Effects of Aminoguanidine on Apoptosis in the Hippocampus and Memory Disorder in a Rat Model of Alzheimer’s Disease

AUTHORS

Hamid Reza Sameni 1 , 2 , Abbas Ali Vafaei 3 , 4 , Sam Zarbakhsh 1 , 2 , Afsaneh Talebian 1 , Mohammad Reza Aldaghi 1 , 2 , *

1 Department of Anatomy, Faculty of Medicine, Semnan University of Medical Sciences, Semnan, Iran

2 Nervous System Stem Cells Research Center, Semnan University of Medical Sciences, Semnan, Iran

3 Department of Physiology, Faculty of Medicine, Semnan University of Medical Sciences, Semnan, Iran

4 Research Center of Physiology, Semnan University of Medical Sciences, Semnan, Iran

How to Cite: Sameni H R, Vafaei A A, Zarbakhsh S, Talebian A, Aldaghi M R. Effects of Aminoguanidine on Apoptosis in the Hippocampus and Memory Disorder in a Rat Model of Alzheimer’s Disease. Middle East J Rehabil Health Stud. 2021;8(4):e115127. doi: 10.5812/mejrh.115127.

ARTICLE INFORMATION

Middle East Journal of Rehabilitation and Health Studies: 8 (4); e115127
Published Online: October 26, 2021
Article Type: Research Article
Received: April 10, 2021
Revised: September 16, 2021
Accepted: September 28, 2021
Crossmark
Crossmark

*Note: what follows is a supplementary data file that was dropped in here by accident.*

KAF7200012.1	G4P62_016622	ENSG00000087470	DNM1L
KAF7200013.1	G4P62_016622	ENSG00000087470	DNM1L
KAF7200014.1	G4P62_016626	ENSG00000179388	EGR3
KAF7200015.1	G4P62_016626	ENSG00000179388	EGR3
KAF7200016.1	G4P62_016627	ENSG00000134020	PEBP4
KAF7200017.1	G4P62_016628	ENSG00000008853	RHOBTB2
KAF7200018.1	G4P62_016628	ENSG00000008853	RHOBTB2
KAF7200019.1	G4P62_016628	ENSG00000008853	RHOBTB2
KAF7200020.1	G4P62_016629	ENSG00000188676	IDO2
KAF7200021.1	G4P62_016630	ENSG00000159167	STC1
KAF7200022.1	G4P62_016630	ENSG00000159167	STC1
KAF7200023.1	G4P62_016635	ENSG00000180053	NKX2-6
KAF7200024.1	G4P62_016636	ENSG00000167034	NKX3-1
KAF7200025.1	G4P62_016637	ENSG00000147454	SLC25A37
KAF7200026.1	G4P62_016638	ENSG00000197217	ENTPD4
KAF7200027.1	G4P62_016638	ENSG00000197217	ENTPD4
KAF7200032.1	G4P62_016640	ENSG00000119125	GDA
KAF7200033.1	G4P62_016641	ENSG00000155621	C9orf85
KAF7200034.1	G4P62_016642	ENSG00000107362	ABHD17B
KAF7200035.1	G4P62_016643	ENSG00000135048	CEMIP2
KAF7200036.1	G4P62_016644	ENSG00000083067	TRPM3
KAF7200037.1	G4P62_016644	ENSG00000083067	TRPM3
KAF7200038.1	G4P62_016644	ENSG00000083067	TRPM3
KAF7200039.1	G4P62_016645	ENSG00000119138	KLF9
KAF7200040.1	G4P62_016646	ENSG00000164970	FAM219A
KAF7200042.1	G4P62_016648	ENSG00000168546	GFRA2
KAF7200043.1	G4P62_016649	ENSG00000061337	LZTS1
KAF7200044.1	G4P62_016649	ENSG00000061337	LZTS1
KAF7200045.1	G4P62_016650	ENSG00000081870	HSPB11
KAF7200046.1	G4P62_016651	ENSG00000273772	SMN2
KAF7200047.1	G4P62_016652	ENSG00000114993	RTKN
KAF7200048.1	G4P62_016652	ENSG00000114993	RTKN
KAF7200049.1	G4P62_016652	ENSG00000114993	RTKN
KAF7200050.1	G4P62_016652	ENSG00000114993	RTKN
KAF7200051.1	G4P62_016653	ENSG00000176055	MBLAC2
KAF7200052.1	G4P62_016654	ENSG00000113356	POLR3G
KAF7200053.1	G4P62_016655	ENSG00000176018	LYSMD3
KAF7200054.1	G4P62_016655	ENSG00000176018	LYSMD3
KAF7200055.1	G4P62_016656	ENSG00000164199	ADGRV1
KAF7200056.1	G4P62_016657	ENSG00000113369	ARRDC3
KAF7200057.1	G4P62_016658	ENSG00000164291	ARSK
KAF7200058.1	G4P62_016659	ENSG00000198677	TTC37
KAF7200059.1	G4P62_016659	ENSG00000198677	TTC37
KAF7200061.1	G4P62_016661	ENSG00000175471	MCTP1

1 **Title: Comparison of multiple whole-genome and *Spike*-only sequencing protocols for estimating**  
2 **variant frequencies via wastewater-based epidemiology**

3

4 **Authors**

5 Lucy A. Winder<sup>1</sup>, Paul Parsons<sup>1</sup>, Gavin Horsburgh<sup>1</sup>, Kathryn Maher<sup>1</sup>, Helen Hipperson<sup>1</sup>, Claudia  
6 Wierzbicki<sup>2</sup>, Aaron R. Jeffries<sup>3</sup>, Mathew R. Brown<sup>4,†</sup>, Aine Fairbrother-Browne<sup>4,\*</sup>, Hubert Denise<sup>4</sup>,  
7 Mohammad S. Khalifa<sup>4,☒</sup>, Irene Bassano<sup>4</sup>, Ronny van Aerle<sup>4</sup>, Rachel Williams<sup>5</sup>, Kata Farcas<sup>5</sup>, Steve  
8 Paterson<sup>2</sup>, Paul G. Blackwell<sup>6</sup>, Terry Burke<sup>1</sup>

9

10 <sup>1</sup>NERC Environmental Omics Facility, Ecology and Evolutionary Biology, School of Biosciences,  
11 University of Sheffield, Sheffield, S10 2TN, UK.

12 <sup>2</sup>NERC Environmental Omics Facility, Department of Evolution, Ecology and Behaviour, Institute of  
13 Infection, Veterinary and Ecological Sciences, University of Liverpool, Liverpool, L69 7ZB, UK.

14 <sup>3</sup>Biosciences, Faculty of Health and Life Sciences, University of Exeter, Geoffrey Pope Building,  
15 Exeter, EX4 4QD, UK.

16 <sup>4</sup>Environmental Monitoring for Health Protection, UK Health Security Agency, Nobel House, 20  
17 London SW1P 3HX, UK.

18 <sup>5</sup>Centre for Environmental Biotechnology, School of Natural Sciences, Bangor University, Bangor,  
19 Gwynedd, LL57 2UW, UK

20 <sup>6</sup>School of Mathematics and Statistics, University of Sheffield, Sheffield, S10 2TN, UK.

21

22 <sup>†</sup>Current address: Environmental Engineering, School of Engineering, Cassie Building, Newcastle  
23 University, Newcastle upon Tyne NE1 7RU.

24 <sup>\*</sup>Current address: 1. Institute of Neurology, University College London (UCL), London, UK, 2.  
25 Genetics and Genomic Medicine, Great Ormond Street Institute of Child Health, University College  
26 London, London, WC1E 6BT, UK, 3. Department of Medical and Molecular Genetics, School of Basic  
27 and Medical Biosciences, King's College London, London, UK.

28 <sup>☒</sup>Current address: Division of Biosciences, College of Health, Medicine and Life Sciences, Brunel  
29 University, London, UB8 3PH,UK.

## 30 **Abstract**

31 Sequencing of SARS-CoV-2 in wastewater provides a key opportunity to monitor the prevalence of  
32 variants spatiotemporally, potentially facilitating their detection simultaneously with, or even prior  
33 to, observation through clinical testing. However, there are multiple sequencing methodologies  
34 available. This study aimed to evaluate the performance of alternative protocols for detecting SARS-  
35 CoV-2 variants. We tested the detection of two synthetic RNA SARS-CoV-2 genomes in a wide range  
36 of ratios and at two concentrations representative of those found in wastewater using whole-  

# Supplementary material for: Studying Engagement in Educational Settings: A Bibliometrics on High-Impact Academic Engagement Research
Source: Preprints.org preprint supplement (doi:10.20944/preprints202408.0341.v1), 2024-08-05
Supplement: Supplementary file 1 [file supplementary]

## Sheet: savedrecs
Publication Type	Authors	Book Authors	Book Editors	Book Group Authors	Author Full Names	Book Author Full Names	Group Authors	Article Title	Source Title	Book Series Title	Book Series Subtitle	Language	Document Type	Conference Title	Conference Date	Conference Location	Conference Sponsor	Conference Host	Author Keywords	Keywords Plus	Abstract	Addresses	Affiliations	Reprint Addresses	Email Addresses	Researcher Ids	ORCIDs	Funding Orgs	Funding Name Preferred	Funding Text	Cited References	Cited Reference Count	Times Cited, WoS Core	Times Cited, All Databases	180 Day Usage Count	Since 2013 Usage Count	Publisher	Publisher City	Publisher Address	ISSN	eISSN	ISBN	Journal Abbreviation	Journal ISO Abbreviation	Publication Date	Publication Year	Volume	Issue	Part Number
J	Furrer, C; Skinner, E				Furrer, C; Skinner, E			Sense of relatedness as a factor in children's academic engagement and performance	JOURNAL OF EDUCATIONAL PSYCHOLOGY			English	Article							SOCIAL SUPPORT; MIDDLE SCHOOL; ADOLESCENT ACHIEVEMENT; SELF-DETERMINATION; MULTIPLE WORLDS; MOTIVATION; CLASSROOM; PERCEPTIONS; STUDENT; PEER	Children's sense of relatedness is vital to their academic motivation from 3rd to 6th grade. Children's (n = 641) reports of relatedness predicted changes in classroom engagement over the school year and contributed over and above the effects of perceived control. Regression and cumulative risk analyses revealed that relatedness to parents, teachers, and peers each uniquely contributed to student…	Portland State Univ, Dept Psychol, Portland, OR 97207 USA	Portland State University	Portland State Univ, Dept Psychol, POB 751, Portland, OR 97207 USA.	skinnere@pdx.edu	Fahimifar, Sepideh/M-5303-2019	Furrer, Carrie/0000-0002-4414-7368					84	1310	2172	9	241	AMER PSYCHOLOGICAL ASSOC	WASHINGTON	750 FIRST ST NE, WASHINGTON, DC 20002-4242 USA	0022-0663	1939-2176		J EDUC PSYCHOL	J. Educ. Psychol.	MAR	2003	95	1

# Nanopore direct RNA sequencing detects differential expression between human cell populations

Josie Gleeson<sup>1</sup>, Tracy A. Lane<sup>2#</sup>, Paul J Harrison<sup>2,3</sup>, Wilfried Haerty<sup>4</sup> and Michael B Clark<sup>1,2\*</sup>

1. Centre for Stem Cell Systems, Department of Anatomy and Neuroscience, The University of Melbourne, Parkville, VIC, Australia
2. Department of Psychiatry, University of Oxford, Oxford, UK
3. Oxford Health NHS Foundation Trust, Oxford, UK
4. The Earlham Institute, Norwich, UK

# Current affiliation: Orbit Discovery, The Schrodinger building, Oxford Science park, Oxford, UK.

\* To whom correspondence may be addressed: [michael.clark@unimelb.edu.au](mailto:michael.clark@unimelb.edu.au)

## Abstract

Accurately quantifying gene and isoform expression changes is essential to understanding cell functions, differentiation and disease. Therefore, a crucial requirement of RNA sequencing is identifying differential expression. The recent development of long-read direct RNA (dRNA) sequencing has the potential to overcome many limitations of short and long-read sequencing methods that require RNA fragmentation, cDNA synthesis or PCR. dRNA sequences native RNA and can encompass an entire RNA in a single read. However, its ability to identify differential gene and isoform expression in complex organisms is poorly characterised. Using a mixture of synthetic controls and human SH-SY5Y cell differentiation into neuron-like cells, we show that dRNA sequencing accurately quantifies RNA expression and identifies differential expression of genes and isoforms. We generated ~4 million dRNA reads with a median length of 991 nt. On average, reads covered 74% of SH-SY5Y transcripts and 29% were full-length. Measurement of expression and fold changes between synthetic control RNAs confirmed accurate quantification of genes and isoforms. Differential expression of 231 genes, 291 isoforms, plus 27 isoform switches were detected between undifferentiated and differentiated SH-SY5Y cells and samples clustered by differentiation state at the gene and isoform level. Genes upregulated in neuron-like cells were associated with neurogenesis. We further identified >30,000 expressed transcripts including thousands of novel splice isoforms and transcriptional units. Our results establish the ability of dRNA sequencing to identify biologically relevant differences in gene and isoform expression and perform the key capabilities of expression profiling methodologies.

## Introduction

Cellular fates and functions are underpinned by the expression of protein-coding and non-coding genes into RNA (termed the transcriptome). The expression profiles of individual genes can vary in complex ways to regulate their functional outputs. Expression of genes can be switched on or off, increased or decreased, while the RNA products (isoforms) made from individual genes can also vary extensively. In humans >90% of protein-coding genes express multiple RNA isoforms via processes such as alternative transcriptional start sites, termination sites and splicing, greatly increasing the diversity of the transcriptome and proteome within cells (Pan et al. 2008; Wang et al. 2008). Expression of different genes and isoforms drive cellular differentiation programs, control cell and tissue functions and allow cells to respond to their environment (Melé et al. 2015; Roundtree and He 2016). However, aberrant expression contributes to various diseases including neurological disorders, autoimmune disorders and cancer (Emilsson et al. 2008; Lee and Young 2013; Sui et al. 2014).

CHECKING
READ FULL TEXT

Abstract

Background: Memory loss is the main disorder accompanied by Alzheimer's disease (AD).

Objectives: We aimed to investigate the protective effects of aminoguanidine (Amg) on cell apoptosis in the hippocampal CA1 region and memory impairment in male rats received scopolamine (Scop).

Methods: Thirty male Wistar rats (200 - 250 g) were randomly divided into the three groups of saline-saline group, Scop + saline, and Scop + Amg groups. The rats received intraperitoneal injection of Scop (3 mg/kg) for seven days, and subsequently, 100 mg/kg of Amg or normal saline were intraperitoneally administrated for 14 consecutive days. The Morris water maze test was used to study memory deficits. Finally, the animals were anesthetized, hippocampi were quickly removed, histological study was performed, and hippocampal cell apoptosis was evaluated by the cresyl violet staining and the terminal deoxynucleotidyl transferase dUTP nick end labeling test, respectively.

Results: Scop injection resulted in reduced pyramidal cells and increased cell apoptosis in the hippocampal CA1 area, and impaired spatial learning and memory. The administration of Amg significantly improved memory and improved the density of pyramidal cells in the hippocampal CA1 area of the rats (P < 0.01). Also, the number of apoptotic cells in the CA1 region of the hippocampus in the Scop + Amg group decreased compared to the Scop + saline group (P < 0.05).